This page is comprised of four sections. Links to those sections:
- Plant a butterfly garden – in your yard or as part of a community garden. Or, help establish a public butterfly garden. Click here for more information on butterfly gardening, including host plants and nectar plants.
- In public butterfly gardens, post signs prohibiting netting or collecting in the garden.
- Promote the use of inexpensive binoculars and digital cameras rather than nets in children’s nature programs in schools, libraries, and camps. Help provide such equipment if it is not readily available.
- Do not take specimens or make butterfly collections unless you are a qualified individual doing scientific research under the auspices of an educational or scientific institution.
- To educate children about butterflies, promote field identification, photography, and raising caterpillars rather than making butterfly collections.
- Support land and habitat protection for butterflies, and the conservation of all our wildlife resources.
- Support land management techniques which are designed to protect and increase butterfly populations, rather than harm them. See Mowing Guidelines, and Resources for Land Managers, below. Management for butterflies includes removal of invasive non-native plants, and only limited use of pesticides and herbicides.
- Participate in biodiversity days, butterfly surveys and censuses, and on-going monitoring of butterfly colonies.
- If you find interesting, uncommon, or rare species of butterfly, be sure to let the landowners and land managers know. Click here to see a list of endangered Massachusetts butterfly species.
- Contribute via your state tax form to ensure adequate funding for the Massachusetts Natural Heritage and Endangered Species Program.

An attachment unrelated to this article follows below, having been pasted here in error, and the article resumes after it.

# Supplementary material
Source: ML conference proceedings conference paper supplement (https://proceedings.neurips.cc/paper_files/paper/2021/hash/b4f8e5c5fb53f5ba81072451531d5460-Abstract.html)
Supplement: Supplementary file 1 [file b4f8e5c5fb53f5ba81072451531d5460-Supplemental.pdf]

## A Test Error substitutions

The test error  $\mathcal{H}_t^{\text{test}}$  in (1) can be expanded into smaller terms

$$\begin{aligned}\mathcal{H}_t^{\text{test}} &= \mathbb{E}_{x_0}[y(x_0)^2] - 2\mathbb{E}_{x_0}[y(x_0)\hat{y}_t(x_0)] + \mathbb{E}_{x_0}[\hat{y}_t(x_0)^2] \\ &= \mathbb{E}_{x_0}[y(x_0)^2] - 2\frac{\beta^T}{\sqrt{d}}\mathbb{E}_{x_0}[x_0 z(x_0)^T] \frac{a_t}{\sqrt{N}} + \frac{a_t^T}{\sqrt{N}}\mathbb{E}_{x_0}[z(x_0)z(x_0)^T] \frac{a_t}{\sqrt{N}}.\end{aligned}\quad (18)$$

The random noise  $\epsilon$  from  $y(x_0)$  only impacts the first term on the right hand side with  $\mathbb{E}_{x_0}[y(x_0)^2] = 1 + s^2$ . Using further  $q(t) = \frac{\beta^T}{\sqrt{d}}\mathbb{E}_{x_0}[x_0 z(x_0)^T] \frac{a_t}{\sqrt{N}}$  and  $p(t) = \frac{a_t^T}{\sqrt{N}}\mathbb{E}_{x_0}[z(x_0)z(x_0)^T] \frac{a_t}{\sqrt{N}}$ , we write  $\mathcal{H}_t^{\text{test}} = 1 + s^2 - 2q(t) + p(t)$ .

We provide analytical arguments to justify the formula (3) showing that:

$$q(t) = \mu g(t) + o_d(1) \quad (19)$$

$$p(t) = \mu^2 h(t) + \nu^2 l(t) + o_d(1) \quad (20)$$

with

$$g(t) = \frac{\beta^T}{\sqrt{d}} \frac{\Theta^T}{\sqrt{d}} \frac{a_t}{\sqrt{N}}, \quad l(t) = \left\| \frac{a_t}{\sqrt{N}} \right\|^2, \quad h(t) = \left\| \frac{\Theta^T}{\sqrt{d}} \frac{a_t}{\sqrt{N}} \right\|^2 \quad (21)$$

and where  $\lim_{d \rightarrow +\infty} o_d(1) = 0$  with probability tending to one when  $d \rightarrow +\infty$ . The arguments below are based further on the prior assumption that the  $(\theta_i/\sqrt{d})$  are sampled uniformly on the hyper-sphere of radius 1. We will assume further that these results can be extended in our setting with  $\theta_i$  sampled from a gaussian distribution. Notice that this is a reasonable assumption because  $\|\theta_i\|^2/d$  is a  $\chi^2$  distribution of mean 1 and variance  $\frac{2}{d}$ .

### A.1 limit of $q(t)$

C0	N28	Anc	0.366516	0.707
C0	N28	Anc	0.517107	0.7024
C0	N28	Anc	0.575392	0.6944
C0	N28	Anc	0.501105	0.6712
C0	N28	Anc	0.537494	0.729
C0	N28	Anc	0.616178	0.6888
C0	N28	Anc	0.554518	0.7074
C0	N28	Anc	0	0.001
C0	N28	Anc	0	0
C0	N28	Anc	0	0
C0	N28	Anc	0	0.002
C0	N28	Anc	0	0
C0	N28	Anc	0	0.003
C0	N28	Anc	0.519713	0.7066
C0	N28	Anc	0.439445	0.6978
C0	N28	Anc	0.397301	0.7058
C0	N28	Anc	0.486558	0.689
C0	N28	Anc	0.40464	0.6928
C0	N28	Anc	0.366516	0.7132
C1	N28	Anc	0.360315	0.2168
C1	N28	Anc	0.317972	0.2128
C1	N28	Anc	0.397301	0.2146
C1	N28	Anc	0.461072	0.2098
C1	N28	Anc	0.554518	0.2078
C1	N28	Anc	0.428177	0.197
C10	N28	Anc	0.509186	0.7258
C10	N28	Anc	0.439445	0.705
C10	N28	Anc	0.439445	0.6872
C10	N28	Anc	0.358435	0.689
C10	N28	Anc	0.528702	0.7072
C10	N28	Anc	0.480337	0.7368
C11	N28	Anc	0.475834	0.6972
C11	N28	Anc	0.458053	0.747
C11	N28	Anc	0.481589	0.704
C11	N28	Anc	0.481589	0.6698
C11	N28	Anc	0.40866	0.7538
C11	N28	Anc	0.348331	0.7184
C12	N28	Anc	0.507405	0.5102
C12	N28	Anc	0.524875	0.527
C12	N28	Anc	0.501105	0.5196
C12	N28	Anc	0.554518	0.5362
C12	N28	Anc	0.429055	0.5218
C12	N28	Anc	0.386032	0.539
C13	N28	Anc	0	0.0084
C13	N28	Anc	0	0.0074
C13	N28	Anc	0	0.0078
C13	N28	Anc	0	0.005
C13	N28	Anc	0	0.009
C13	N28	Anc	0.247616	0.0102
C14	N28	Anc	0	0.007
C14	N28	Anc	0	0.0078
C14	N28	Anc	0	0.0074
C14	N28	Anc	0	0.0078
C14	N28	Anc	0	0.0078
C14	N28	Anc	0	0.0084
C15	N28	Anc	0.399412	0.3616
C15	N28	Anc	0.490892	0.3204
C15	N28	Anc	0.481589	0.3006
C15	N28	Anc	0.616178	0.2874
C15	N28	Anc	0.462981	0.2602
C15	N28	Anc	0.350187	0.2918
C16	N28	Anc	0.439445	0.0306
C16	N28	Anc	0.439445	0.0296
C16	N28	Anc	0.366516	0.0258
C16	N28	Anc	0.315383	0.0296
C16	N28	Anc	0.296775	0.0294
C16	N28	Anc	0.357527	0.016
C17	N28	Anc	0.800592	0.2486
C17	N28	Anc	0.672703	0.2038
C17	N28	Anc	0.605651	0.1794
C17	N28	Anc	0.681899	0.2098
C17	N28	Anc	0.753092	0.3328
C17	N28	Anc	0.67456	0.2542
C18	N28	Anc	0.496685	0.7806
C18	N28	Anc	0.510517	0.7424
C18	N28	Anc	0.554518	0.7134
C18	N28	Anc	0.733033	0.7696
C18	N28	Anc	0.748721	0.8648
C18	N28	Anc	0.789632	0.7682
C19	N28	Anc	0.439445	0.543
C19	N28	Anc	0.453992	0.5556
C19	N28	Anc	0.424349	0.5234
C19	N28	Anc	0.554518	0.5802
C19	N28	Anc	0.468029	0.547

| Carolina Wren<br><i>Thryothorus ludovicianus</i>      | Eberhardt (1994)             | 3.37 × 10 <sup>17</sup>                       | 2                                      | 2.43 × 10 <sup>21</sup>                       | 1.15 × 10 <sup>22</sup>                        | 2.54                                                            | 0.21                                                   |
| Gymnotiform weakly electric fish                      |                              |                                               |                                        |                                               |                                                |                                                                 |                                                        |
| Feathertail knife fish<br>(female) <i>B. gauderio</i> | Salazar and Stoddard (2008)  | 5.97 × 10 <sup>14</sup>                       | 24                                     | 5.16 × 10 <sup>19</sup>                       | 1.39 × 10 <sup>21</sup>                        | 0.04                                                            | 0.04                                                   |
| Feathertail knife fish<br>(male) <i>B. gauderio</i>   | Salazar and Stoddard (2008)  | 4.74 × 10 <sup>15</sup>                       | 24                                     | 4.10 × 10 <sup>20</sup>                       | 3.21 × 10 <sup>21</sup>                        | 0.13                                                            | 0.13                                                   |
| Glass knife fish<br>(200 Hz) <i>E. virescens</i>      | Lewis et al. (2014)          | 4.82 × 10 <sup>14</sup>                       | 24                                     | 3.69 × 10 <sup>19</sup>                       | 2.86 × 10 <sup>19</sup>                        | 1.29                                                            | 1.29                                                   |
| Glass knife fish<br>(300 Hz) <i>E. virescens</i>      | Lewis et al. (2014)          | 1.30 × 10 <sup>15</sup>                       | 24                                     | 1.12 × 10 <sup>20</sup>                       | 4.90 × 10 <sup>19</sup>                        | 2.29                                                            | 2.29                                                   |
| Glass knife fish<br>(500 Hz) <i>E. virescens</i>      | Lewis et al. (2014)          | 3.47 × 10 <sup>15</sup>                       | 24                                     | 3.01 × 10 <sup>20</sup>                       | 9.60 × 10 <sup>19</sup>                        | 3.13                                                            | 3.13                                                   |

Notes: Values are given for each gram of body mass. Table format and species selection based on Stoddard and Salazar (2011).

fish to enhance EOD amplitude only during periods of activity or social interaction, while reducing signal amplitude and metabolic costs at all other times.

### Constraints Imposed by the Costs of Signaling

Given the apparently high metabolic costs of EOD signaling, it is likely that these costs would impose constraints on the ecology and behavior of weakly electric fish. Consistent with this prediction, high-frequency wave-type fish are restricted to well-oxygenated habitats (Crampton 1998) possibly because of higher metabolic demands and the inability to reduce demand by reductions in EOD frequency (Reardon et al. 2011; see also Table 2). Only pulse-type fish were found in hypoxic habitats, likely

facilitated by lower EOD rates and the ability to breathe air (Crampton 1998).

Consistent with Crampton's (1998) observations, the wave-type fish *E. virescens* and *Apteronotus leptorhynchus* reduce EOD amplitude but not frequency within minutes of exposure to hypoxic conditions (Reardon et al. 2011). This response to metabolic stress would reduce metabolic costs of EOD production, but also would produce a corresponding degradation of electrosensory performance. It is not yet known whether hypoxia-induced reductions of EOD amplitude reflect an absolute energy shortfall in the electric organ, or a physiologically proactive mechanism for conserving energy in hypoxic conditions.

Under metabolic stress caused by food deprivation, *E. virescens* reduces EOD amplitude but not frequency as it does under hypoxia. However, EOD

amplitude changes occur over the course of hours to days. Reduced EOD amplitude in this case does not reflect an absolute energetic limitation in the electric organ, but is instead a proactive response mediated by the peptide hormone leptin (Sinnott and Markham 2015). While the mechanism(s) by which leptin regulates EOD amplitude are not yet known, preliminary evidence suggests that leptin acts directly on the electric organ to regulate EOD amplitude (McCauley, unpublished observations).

MOWING GUIDELINES FOR FIELDS AND GRASSLANDS
The best practice, which will benefit the most species of butterflies, is to mow such areas no more than once year, in the late fall. Keep the mower height at least 4 to 6 inches off the ground, since larvae will be over-wintering near the ground at the base of plants, and leave the cuttings in place to decompose over the winter. If possible, mow with a sickle bar to minimize damage to overwintering life forms. At each mowing, it is important to leave some unmowed areas, even small ones, as “insect refugia.” A good way to accomplish this is mowing on a rotational basis, cutting only one-half or one-third of an area each year.
Mowing may not be appropriate for some land situations or for particular species of butterfly. Some native grasslands in Massachusetts, such as dry stands of Little Bluestem, sandplain grasslands near the coast, and native wet meadows, can often maintain themselves naturally, and should not be mowed at all. Areas like this provide habitat for uncommon species of butterflies and moths, and should be protected. Mowing can be done around edges if shrubs are encroaching, and individual shrubs can be spot-treated. Other than these special areas, most meadows in New England will need mowing to keep them open.